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July 24, 2010 / Tony Arena

The Secret of Successful Entrepreneurs

In a recent blog post, Ross Douthat describes the “trouble with meritocracy,” or our belief that the best and brightest (as measured by their SAT scores and GPA) should all attend the same elite universities:

Part of the problem with meritocracy is that it homogenizes in the name of diversity: It skims the cream from every race and class and population, puts all of the best and brightest through the same educational conveyor belt, and comes out with a ruling class that’s cosmetically diverse but intellectually conformist, and that tends to huddle together rather than spreading out to enrich the country as a whole. This is Christopher Lasch’s lament in “The Revolt of the Elites” — that meritocracy co-opts people who might otherwise become its critics, sapping local communities of their intellectual vitality and preventing any kind of rival power centers from emerging.

The obvious rejoinder to any critique of meritocracy is that, like democracy, it’s the worst system except for all the others that have been tried. Nevertheless, I think it’s still worth considering ways in which our meritocratic institutions – I’m looking at you, Harvard – can improve their outcomes and help mitigate the very real problem of social homogenization.

The first thing to note is that homogenization happens automatically: we naturally construct our social network so that it consists mostly of people like us. (Sociologists refer to this failing as the self-similarity principle.) In 2007, Paul Ingram and Michael Morris conducted a study of business executives at Columbia University. The executives were invited to a cocktail mixer, where they were encouraged to network with new people. Not surprisingly, the vast majority of executives at the event said their primary goal was to meet “as many different as people as possible” and “expand their social network”. Unfortunately, that’s not what happened. By surreptitiously monitoring the participants with electronic devices, Ingram and Morris were able to track every conversation. What they found was that people tended to interact with the people who were most like them, so that investment bankers chatted with other investment bankers, and marketers talked with other marketers, and accountants interacted with other accountants. Instead of mixing with new people, the leaders made small talk with those from similar backgrounds; the smallness of their social world got reinforced. According to Ingram and Morris, the only successful networker at the event was the bartender.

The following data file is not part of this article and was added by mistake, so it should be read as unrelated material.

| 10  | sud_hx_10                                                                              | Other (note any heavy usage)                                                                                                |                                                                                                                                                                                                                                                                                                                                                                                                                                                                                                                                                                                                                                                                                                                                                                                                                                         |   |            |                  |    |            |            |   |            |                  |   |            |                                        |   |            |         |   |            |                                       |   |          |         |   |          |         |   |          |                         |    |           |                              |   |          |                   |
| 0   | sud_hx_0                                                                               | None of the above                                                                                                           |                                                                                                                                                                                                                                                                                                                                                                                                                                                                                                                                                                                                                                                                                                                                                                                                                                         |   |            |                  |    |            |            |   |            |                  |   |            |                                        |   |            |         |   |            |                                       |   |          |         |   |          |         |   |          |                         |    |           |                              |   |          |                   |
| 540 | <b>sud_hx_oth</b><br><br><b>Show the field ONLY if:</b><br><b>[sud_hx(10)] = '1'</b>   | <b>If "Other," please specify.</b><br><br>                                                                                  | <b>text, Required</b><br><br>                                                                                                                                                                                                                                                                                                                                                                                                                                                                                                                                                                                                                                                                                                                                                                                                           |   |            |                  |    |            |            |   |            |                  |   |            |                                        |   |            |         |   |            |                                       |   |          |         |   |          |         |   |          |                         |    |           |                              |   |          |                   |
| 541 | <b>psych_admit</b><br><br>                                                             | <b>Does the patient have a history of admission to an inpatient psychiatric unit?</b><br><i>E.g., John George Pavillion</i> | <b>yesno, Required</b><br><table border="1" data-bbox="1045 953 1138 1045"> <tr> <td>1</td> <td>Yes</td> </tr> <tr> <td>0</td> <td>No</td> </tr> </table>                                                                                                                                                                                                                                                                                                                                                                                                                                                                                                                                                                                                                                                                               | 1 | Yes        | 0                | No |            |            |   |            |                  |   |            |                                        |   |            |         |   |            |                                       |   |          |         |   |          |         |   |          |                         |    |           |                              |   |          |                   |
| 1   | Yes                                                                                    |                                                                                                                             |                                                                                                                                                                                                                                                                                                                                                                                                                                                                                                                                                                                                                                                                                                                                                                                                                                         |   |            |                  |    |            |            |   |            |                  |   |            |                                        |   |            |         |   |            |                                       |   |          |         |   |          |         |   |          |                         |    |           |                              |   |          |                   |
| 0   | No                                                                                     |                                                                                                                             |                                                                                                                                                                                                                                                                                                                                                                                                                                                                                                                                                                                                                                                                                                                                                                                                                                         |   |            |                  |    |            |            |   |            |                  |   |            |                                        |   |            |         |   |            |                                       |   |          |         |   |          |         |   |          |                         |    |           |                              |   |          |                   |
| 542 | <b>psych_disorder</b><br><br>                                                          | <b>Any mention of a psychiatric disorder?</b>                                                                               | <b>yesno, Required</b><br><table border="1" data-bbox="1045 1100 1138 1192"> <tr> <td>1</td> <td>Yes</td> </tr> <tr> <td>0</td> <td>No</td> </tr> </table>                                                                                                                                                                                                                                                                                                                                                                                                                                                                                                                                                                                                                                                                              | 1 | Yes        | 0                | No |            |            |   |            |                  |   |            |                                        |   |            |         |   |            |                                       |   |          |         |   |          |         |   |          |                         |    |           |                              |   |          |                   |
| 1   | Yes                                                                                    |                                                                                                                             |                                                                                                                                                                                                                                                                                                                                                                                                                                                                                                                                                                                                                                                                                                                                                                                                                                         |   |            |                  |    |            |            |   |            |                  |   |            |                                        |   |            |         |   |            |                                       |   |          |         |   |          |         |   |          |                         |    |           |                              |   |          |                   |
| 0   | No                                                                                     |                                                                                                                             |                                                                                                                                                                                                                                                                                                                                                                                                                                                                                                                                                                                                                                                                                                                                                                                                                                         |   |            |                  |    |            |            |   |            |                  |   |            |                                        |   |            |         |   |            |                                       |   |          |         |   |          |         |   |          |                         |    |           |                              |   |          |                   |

So far, so obvious. However, it’s important to note that cultivating diverse social networks – connecting with people who think differently – comes with real, tangible benefits. Consider this interesting study led by Martin Ruef, a sociologist at Princeton. He began by interviewing 766 graduates of the Stanford Business School, all of whom had gone on to start their own business. Ruef was most interested in the structure of their social networks. He noticed that most entrepreneurs had a rather homogenous collection of contacts. They might have lots of friends, but all of their friends came from the same place and were interested in the same things. This isn’t particularly surprising: We naturally self-segregate.